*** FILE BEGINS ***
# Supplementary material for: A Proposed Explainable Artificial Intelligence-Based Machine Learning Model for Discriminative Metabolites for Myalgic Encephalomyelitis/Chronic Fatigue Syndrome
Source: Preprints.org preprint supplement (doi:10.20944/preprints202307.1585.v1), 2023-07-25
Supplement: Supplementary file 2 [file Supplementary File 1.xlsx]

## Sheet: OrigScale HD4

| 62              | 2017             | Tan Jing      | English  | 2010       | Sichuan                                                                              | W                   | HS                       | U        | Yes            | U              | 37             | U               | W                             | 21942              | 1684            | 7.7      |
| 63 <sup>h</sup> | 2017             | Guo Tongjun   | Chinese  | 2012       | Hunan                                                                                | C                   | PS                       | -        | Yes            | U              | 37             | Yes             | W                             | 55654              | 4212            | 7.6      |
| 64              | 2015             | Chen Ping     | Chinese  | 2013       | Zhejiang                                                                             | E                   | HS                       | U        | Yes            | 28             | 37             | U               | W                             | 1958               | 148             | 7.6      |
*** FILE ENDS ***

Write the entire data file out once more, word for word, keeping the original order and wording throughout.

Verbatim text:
# Supplementary material for: A Proposed Explainable Artificial Intelligence-Based Machine Learning Model for Discriminative Metabolites for Myalgic Encephalomyelitis/Chronic Fatigue Syndrome
Source: Preprints.org preprint supplement (doi:10.20944/preprints202307.1585.v1), 2023-07-25
Supplement: Supplementary file 2 [file Supplementary File 1.xlsx]

## Sheet: OrigScale HD4

| 62              | 2017             | Tan Jing      | English  | 2010       | Sichuan                                                                              | W                   | HS                       | U        | Yes            | U              | 37             | U               | W                             | 21942              | 1684            | 7.7      |
| 63 <sup>h</sup> | 2017             | Guo Tongjun   | Chinese  | 2012       | Hunan                                                                                | C                   | PS                       | -        | Yes            | U              | 37             | Yes             | W                             | 55654              | 4212            | 7.6      |
| 64              | 2015             | Chen Ping     | Chinese  | 2013       | Zhejiang                                                                             | E                   | HS                       | U        | Yes            | 28             | 37             | U               | W                             | 1958               | 148             | 7.6      |